A 3/4" hose connected to the water solenoid valve enclosure

The 3/4" hose connected to the water solenoid valve enclosure on the input side.

The 10 mm pipe connects, using an adapter, to the black 13 mm pipe used by the rest of the watering system.

A water valve solenoid, and hose and water distribution pipe adapters

The water valve solenoid, and hose and water distribution pipe adapters in the IP66 enclosure. This receives the 12 VDC supply from the power supply enclosure, actuating the solenoid to let water from the hose on the left into the black pipe on the right.

Note the water connections in the box need to be tight fitting with jubilee clips and PTFE tape to provide extra leak protection. When I first built this I skipped the tape and the enclosure started to slowly fill up with water - not good for the solenoid!

The black pipe watering system distributes the water to various corners of the balcony using first wide 13 mm pipe and then smaller 4 mm pipe to which numerous spray nozzles are attached, providing water to each plant. I used Gardena Micro-Drip system pipe, adapters and nozzles for all this, but you can get cheaper (and probably worse quality) systems on eBay.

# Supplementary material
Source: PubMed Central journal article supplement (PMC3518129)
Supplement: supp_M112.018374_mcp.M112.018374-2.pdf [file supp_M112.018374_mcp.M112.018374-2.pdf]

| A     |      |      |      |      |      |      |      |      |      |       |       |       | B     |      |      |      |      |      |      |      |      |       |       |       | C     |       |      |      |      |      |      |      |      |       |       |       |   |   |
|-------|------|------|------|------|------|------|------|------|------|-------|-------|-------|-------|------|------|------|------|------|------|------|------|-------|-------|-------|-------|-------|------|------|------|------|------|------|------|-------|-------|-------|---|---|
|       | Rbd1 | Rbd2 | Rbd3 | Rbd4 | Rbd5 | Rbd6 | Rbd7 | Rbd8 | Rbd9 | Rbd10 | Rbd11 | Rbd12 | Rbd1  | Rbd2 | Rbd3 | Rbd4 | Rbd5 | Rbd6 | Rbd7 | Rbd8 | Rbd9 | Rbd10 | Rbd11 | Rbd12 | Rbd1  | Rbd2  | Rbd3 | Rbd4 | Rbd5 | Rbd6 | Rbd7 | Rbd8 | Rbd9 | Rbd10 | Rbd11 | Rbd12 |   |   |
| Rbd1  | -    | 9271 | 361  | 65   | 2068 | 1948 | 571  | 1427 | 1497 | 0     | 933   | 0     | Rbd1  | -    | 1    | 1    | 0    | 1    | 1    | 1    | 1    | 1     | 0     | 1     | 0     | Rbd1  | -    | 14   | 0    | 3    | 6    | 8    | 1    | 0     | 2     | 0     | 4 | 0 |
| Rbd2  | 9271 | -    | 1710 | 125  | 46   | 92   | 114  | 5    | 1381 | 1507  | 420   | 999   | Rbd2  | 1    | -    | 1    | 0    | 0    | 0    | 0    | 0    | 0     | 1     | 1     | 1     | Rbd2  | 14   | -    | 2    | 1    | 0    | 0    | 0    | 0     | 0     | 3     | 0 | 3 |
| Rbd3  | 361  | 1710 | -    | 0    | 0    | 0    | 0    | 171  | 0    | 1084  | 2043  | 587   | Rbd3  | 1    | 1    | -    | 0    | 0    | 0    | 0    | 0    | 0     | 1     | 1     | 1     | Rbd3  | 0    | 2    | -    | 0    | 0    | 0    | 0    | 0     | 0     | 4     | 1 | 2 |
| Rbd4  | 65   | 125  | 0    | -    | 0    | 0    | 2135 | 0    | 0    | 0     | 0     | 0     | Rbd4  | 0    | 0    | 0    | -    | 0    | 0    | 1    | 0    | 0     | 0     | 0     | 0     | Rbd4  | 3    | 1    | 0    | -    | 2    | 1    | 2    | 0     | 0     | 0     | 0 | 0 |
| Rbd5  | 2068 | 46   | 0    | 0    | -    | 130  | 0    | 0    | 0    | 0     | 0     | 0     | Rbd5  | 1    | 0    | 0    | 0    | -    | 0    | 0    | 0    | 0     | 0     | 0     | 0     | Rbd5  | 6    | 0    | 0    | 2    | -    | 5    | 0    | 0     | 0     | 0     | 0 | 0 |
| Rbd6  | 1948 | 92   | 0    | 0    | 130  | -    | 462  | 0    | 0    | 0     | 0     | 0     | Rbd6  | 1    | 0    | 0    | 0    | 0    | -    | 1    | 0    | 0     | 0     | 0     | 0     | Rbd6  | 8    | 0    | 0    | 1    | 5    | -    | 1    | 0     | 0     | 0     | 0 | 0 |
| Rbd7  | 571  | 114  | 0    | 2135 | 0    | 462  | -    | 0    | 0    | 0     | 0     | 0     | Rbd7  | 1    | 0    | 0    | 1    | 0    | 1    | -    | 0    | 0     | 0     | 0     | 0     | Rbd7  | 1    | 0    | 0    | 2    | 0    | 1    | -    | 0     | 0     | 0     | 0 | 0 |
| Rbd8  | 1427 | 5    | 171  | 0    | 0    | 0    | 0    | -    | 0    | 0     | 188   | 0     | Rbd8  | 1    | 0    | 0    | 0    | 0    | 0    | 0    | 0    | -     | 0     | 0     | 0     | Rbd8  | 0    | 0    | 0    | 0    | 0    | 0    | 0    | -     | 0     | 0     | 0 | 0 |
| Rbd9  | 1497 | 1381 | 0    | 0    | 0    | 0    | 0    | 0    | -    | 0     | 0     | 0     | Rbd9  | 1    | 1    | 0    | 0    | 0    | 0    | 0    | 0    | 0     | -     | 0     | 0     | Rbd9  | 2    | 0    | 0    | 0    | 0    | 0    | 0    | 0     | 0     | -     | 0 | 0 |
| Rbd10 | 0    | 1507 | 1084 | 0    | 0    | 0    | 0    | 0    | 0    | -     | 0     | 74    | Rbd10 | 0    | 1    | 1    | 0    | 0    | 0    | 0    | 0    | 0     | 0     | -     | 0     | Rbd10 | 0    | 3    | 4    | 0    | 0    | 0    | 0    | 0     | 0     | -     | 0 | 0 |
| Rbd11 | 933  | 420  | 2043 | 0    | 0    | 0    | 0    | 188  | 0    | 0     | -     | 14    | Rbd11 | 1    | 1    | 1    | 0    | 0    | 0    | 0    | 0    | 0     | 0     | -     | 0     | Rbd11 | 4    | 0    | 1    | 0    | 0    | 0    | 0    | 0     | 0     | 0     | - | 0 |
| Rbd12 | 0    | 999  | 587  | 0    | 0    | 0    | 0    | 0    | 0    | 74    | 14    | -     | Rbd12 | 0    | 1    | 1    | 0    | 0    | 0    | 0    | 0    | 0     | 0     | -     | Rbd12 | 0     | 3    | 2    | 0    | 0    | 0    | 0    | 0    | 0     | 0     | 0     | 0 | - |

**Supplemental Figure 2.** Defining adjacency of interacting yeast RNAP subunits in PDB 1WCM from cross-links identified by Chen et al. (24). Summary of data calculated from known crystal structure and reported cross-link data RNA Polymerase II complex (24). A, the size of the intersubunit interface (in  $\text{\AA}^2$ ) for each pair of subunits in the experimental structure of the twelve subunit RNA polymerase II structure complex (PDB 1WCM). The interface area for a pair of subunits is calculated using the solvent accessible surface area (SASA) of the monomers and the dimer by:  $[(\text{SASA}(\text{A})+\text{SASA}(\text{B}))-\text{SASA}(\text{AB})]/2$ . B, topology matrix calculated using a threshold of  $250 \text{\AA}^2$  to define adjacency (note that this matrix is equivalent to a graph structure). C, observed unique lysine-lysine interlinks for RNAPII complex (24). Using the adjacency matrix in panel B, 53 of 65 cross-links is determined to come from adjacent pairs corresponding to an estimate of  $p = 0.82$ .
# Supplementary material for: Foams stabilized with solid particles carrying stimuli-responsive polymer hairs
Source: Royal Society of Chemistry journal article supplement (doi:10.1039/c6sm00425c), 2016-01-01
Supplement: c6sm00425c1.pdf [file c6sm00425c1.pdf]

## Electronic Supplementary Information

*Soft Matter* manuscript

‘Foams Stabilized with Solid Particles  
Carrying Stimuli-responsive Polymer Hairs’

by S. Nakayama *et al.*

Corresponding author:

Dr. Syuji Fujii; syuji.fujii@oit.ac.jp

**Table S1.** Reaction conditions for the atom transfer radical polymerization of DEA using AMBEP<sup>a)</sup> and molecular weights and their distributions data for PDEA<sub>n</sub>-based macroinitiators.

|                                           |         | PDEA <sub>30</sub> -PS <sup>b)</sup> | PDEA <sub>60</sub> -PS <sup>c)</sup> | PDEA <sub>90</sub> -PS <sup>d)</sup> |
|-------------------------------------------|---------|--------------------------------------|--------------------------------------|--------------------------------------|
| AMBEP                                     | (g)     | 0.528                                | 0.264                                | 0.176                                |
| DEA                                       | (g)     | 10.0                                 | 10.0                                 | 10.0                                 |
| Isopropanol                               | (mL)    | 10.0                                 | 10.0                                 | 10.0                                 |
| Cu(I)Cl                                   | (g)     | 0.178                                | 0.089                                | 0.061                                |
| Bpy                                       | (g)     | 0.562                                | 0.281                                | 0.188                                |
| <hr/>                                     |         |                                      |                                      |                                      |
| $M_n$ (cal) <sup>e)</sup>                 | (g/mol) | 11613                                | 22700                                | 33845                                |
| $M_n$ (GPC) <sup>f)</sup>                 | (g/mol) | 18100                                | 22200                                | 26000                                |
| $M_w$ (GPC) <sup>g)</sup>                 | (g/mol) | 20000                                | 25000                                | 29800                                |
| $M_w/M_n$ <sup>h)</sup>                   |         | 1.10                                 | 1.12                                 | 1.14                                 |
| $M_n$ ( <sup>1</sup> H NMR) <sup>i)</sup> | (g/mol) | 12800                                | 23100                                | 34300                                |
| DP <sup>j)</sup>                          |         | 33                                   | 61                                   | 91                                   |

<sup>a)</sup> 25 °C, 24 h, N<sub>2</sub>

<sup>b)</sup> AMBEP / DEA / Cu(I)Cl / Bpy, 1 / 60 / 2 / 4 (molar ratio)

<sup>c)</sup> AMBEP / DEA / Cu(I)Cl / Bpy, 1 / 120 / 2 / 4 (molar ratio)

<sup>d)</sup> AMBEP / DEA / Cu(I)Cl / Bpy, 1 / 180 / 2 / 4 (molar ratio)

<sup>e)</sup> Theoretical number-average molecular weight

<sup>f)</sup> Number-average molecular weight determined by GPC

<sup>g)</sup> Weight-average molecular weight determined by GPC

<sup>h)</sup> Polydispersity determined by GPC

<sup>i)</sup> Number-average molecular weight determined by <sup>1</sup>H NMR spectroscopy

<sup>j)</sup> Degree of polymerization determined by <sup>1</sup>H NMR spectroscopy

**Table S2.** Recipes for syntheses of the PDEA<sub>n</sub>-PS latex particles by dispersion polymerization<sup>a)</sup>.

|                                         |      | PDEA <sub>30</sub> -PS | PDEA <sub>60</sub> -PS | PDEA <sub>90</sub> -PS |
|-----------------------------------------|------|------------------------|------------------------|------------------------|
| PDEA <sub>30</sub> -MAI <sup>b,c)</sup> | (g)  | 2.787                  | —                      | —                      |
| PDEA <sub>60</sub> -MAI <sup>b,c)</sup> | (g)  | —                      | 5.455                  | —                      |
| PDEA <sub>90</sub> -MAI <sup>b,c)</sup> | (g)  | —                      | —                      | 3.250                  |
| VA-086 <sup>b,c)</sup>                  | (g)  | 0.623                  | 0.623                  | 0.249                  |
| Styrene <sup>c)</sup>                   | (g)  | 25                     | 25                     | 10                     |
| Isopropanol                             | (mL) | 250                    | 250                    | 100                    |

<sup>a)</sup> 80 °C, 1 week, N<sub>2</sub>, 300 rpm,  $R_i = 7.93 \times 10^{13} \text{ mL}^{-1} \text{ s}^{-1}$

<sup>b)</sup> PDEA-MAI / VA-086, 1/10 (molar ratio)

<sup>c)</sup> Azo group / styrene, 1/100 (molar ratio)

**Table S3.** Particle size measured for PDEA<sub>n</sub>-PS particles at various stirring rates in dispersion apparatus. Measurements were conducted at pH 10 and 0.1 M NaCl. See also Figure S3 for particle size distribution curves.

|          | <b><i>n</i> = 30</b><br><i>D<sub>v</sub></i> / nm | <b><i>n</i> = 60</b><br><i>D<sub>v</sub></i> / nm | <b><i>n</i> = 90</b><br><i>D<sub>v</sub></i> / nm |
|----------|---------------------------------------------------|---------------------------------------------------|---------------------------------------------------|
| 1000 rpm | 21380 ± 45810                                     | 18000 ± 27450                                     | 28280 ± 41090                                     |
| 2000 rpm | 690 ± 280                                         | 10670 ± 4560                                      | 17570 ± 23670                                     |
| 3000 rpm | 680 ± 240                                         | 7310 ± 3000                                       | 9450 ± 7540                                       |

Watering system 13 mm pipe distributing water to the plants

The black 13 mm pipe distributing water to the plants. There are small junction boxes which split some water into thinner 4 mm pipe to go to individual corners of the balcony.

A spray nozzle near a happy tomato plant

A spray nozzle near a happy tomato plant.


The software is rather simple: just a small script to turn on a GPIO pin for a fixed time then switch it off again, and a systemd service and timer to run the script at a certain time of day.

The above approach assumes an environment with systemd and the Python GPIO library. These are both available by default on Raspberry Pi OS, which is what I used here.

Raspberry Pi boot configuration

To prevent the GPIO pin turning on at boot, ensure it's set to an output with pull-down by editing /boot/config.txt to add:

# Ensure pin 26 (pump solenoid) is set to output and pulled low.

Watering script

I created a Python script as the root user, since I wanted to use systemd's journal for logging and couldn't be bothered to configure this for non-root users. I called it Create and edit with sudo nano /root/ and enter: